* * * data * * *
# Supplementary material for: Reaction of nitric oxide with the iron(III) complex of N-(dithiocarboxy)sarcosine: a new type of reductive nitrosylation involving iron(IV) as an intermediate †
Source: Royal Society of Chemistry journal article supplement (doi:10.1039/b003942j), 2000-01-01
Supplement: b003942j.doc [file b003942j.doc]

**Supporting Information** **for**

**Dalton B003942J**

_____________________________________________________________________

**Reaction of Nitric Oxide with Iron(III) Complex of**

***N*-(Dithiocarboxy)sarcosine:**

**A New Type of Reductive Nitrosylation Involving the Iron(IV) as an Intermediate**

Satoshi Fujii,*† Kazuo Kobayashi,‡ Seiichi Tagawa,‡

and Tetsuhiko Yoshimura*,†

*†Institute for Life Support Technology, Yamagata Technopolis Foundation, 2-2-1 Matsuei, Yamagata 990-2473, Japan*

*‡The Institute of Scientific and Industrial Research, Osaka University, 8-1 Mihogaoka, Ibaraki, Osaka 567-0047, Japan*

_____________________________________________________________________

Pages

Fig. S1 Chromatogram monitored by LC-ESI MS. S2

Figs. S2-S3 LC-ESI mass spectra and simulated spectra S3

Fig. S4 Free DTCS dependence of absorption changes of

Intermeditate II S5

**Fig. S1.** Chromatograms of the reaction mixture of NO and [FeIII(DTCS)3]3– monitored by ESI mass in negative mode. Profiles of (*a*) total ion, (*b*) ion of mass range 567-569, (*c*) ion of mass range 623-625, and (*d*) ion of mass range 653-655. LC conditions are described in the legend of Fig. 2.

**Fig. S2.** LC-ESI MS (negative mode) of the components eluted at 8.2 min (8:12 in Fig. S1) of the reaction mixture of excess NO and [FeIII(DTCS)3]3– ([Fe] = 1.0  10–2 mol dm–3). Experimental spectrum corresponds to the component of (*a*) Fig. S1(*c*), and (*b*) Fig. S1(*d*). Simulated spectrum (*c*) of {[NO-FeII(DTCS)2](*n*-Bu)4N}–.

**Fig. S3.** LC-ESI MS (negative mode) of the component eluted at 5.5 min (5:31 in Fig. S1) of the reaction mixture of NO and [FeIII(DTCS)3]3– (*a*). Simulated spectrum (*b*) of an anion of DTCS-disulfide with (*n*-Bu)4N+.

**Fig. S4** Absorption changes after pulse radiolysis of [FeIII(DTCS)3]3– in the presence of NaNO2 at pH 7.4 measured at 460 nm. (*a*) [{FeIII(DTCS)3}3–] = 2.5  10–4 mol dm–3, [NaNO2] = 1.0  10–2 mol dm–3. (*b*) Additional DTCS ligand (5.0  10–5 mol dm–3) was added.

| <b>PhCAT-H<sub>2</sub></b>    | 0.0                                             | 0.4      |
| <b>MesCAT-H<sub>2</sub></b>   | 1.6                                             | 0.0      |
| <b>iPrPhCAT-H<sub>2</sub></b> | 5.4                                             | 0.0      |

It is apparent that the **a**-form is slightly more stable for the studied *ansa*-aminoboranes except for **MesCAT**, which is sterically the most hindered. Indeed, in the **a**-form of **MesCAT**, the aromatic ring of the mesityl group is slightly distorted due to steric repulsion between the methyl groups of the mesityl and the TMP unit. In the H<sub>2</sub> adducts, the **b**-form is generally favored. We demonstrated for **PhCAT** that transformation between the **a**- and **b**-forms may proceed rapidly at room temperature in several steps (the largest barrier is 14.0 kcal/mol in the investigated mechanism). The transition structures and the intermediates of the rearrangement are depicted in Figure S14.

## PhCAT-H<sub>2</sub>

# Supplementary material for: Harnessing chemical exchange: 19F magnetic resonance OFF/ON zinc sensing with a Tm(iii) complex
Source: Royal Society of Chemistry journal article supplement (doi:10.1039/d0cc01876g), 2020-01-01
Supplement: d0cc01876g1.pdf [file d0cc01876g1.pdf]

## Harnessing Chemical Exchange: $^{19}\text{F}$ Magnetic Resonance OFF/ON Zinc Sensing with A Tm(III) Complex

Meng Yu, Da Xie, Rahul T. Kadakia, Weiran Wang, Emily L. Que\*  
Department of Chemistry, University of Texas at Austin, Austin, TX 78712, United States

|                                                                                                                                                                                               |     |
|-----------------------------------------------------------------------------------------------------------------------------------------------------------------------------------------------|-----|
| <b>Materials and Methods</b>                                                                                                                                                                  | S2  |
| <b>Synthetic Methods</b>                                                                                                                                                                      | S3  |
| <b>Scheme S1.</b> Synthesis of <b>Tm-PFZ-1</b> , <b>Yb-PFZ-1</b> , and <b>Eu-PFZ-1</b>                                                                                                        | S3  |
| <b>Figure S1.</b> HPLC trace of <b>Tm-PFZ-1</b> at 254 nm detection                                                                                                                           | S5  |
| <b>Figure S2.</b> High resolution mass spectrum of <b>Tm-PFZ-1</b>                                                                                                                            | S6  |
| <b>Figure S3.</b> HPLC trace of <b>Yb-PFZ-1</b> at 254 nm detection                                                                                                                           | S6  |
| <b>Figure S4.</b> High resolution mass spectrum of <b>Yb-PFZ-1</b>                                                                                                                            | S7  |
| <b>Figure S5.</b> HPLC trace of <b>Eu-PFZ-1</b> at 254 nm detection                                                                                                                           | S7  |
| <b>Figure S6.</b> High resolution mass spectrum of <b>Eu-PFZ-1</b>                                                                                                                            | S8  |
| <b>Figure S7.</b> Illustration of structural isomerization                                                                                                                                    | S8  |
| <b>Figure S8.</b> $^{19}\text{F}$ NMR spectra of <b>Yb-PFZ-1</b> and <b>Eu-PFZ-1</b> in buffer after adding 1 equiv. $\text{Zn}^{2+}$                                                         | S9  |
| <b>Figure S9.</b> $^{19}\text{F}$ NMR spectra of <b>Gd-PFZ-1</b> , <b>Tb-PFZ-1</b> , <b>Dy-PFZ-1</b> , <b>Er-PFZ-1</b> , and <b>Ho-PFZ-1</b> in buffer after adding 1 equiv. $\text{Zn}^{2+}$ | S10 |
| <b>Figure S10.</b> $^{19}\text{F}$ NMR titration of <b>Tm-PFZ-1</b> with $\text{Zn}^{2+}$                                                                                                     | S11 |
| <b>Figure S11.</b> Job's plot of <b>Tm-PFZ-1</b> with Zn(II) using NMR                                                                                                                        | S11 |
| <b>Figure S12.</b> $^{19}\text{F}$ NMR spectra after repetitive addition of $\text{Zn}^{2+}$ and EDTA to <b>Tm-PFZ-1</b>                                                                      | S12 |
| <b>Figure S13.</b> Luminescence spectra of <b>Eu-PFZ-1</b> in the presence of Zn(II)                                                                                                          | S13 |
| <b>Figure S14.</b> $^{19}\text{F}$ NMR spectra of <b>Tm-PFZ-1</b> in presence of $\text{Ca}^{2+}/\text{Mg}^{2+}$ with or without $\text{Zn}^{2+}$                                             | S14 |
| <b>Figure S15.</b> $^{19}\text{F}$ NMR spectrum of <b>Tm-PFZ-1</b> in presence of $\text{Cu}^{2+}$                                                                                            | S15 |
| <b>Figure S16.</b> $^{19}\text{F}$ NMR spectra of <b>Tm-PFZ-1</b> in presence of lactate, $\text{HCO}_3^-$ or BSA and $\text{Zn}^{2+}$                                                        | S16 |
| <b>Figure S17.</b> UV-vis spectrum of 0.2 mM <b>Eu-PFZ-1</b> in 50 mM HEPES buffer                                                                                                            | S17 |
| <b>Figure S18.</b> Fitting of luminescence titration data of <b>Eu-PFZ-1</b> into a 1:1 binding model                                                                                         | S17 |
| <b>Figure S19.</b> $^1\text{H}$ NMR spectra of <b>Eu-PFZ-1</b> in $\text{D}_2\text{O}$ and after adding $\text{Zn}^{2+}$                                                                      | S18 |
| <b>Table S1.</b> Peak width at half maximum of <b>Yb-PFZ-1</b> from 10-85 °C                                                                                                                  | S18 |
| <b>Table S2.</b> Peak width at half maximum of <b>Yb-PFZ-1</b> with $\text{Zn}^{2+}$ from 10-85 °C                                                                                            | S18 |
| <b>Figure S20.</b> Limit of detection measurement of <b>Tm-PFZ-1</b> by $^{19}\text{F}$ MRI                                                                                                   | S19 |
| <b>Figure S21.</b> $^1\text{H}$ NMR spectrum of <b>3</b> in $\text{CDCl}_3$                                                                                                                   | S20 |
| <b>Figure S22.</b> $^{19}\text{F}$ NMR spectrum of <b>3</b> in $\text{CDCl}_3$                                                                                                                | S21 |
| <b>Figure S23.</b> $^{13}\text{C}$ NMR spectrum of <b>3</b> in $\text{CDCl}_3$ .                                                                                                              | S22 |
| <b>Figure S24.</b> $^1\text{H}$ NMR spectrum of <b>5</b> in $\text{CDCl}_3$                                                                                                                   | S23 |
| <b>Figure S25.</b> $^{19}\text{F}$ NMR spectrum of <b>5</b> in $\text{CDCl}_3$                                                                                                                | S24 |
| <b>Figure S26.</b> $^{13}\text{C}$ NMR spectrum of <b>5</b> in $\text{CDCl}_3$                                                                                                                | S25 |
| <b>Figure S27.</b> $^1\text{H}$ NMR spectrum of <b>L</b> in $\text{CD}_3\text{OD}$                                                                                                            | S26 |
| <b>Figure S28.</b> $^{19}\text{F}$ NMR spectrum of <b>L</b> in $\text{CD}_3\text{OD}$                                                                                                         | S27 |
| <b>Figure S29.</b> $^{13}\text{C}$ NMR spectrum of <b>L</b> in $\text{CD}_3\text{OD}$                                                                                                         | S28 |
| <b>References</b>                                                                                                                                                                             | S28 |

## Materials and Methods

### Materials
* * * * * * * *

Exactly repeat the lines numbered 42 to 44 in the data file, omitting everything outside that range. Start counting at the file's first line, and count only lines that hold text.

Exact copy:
| <b>Figure S3.</b> HPLC trace of <b>Yb-PFZ-1</b> at 254 nm detection                                                                                                                           | S6  |
| <b>Figure S4.</b> High resolution mass spectrum of <b>Yb-PFZ-1</b>                                                                                                                            | S7  |
| <b>Figure S5.</b> HPLC trace of <b>Eu-PFZ-1</b> at 254 nm detection                                                                                                                           | S7  |